She said if you cup your hands just right and look through them,
you can frame a castle. Take the spot where the sun hits brightest,
away from the sliding moss and dirt driven moat. Besiege the noble height, feeling walls as if it was home. It was the facade
of peasants' plenty, where I modeled for you. The muse to the incoherent shutter of frames that would cease in frustration.
She wished the dandelions from Versailles and persistence from Angkor. Still, my eyelids grew warm and red, smiling
innocently with hushed pride. She was a dreamer, born looking up at stone walls, the body for a throne
she took rightly with possession. A fruitful balance of melancholy and mockery that warranted a crown.
We entered through the front doors. The drawbridge down so long the chains were gone. The foyer empty of all but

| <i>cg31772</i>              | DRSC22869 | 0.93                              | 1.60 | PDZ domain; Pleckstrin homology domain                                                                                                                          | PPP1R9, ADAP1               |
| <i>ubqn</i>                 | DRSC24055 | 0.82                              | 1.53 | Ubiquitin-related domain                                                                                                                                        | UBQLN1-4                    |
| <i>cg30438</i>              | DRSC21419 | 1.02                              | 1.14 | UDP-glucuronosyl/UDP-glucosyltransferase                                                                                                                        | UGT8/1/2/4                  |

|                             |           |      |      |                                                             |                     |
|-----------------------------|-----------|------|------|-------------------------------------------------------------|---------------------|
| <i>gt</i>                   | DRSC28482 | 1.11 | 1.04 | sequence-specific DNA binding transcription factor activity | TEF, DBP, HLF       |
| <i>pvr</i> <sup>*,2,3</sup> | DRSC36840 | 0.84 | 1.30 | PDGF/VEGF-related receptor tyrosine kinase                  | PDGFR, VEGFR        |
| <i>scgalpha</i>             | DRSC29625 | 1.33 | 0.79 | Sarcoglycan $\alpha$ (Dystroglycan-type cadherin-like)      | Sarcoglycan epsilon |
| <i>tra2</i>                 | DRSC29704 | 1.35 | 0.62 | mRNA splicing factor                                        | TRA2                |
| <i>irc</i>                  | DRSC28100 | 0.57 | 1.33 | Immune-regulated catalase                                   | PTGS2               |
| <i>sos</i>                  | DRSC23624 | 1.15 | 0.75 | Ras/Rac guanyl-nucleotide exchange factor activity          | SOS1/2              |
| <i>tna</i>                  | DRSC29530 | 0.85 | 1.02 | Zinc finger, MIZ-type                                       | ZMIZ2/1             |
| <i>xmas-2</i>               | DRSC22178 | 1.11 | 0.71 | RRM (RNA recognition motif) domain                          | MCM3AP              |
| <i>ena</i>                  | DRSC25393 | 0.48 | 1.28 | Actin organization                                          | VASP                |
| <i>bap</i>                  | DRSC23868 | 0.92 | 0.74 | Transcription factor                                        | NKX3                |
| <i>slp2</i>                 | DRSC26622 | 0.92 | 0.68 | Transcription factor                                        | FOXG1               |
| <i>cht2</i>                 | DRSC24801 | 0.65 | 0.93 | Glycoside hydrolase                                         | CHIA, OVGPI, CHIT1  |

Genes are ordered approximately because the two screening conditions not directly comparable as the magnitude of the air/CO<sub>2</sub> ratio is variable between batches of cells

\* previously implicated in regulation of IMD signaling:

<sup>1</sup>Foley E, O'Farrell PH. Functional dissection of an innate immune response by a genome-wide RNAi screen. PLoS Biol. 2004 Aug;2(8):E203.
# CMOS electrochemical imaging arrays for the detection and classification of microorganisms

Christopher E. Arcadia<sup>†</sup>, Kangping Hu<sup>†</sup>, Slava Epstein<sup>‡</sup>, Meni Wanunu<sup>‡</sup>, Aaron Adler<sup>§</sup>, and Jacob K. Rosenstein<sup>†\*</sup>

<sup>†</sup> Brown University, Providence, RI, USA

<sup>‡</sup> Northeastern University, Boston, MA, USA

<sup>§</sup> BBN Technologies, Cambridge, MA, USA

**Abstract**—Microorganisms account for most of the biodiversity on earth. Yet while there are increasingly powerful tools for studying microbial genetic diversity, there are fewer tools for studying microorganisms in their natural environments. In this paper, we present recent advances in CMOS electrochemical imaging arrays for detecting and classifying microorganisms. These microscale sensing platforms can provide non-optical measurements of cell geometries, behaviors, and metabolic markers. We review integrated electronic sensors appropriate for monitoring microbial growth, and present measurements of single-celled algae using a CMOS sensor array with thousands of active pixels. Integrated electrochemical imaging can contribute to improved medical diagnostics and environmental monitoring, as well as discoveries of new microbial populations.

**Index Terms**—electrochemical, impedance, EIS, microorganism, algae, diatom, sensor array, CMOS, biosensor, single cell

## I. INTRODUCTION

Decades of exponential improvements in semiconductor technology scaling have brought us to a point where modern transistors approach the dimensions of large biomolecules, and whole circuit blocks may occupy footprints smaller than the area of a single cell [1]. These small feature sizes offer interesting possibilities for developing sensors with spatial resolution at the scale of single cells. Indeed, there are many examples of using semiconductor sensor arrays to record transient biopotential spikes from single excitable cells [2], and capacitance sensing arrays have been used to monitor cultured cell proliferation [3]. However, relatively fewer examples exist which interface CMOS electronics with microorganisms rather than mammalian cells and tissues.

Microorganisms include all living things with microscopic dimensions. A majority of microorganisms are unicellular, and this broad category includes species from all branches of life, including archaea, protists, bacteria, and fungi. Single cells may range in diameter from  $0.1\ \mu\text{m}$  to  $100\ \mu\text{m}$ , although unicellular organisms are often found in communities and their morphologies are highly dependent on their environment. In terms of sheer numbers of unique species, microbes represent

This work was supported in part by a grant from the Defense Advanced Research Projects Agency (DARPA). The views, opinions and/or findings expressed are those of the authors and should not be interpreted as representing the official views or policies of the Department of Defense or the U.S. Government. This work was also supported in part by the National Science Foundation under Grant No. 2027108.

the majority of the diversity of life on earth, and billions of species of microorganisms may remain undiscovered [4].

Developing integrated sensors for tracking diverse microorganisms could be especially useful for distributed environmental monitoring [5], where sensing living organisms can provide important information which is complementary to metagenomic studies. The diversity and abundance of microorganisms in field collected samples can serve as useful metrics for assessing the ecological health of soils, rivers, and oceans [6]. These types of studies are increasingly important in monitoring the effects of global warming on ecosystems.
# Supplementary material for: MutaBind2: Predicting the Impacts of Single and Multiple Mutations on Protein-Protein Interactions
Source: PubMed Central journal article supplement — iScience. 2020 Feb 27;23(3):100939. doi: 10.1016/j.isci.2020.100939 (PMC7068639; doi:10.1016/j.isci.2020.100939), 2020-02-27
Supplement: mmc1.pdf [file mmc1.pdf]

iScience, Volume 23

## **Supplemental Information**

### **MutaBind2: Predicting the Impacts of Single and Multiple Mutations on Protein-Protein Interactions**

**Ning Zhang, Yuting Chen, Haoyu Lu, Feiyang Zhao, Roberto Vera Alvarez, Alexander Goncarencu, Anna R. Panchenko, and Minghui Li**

rude graffiti and dust that marked our steps through the citadel, tracing interruptions. She took a picture.
With the wind, the floorboards sung of peasant dreams, the fateful glare of old phantoms sustained by
filtered sunlight. Pitiful candlelight flickering on and off, unable to withstand the weight of this responsibility. Together,
we waltzed where a queen once walked, with grace we became one to the smell of Moth-eaten cotton,
We ended in the grand room, found a piano with no keys. Tattered curtains peeling softly to lame greys. Pieces of fine china
and carved glass scattered like a mosaic
a king in the picture on the wall.